Saturday, October 24, 2009

A brief review of "A Raisin in the Sun"

My two high schoolers and I went to see a performance of A Raisin in the Sun at the Denver Center for the Performing Arts this past Thursday. There were also about 500 rather rowdy Denver Public School kids there, who insisted on hooting and hollering every time the house lights went down. Fortunately, they were better behaved when the lights went up and the actors were on stage.

I had never seen the play or the movie before, so I was going into it cold. But let me tell you, I'm so happy I went. It's not my normal choice of theatre; I prefer a musical or a comedy or Shakespeare...but this was a serious drama of racial tensions in the 1950's in Chicago's southside, but I found that it spoke to me on several other levels.

This is truly a timeless story. There is a scene where Walter Lee Younger, who is drunk, is going on and on about his "dreams" and how no one understands him, while his mother is trying to get him to listen to his wife who is trying to tell him that she is unexpectedly pregnant. Money is tight and this family is already stressed, and all his wife needs to hear from her husband is that he loves her and he will help her deal with this pregnancy. She gets no reassurance from him because he is so caught up in his own self seeking. She has already given the abortionist a down payment, perhaps knowing how her husband would respond.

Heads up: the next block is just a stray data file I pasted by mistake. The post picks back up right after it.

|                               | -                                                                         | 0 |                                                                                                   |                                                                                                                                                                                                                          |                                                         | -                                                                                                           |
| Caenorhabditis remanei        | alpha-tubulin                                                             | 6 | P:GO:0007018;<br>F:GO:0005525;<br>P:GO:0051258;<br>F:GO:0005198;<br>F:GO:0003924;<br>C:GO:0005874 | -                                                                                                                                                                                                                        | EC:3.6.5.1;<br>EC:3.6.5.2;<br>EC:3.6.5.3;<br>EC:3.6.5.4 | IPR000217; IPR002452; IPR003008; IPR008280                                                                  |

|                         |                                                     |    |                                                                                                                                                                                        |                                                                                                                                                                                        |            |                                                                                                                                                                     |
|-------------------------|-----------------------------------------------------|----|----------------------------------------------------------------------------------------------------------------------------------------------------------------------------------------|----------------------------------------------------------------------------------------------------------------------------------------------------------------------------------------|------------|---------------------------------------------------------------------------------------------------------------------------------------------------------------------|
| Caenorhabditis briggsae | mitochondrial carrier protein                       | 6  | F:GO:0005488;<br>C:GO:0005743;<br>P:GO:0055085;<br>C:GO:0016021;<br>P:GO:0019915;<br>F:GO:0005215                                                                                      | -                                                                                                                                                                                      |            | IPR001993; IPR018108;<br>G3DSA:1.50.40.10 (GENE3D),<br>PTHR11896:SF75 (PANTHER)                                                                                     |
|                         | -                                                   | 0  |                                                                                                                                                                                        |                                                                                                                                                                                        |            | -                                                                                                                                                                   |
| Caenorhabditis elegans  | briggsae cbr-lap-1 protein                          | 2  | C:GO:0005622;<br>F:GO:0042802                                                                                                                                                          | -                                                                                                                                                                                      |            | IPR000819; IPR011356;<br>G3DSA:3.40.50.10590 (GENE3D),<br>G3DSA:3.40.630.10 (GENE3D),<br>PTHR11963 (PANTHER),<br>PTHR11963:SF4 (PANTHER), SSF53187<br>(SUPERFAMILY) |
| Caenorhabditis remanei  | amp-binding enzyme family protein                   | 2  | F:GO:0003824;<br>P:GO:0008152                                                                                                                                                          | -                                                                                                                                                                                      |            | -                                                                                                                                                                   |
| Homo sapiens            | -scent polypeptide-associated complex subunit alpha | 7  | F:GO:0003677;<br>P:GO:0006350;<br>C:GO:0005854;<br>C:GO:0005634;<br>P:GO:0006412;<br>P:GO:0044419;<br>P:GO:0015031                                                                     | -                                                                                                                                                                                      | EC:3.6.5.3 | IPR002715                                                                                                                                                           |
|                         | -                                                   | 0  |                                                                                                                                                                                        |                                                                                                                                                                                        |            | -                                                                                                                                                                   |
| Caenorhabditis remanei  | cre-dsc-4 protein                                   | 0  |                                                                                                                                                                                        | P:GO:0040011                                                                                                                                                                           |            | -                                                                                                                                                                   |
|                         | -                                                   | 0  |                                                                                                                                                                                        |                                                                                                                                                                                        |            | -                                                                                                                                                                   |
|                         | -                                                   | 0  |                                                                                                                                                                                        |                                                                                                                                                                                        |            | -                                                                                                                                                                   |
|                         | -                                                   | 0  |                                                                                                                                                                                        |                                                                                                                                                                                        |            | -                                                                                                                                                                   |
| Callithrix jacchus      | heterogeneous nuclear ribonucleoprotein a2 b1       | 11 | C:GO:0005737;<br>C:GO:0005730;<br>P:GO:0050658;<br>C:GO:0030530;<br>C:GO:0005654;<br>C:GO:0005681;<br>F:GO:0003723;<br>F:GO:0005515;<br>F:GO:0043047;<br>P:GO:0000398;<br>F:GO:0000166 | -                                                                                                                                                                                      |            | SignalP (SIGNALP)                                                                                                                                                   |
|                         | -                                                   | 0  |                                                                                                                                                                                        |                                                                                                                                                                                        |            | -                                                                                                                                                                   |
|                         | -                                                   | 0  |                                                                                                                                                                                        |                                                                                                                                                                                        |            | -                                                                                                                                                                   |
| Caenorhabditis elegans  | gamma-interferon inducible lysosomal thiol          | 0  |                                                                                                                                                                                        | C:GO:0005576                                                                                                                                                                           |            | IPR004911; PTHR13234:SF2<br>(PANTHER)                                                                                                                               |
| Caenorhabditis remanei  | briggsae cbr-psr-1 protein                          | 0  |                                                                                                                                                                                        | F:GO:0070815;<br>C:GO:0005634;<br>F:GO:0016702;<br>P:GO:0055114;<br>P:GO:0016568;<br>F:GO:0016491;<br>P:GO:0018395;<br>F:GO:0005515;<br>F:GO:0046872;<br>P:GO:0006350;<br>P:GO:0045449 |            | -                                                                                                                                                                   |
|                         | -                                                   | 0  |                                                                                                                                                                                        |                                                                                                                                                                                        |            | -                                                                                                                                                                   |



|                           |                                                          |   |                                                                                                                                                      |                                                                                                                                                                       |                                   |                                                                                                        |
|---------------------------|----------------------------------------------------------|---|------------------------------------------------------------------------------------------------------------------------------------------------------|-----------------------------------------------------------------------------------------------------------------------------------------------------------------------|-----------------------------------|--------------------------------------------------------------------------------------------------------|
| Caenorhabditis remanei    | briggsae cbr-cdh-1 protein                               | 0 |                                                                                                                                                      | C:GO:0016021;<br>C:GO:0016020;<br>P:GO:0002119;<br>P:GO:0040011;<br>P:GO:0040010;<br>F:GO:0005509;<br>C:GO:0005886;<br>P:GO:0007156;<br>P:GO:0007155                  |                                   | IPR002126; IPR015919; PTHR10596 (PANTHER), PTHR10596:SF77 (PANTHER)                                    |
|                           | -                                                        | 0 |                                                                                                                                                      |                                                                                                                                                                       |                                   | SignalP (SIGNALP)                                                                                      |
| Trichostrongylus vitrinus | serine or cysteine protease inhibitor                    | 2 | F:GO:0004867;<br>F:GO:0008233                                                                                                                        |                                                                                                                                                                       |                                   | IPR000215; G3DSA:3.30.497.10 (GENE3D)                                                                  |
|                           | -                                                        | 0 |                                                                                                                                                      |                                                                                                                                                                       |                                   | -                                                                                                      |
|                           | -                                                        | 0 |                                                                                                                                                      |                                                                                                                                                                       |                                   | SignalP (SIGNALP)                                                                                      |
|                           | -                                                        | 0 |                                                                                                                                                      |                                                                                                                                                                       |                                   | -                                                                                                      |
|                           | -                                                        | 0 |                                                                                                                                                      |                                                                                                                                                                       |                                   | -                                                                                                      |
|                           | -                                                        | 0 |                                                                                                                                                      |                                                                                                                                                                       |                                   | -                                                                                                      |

The grandmother (Walter's mother) tells him to "be a man" like his father was and not let his "child be destroyed." She told him that they are a people who loves their children and not a people who destroy their children.

I couldn't help but think about the current state of the black family in America, where their abortion rate is 5 times greater than whites. Additionally, 80% of African American children are born to fatherless homes. If you want to make sure a child grows up in poverty and is at greater risk for violent crime and other social ills, then take the father out of the home.

I won't tell you how this story ends, but it is well worth watching. The classic movie version stars Sidney Poitier as Walter Lee Younger.

1 comment:

the booklady said...

Yes definitely a timeless classic! Glad you finally got to experience it Debbie. Sad that things have only gone the "wrong" way -- so far as destruction of our little children is concerned -- since this play was written. :(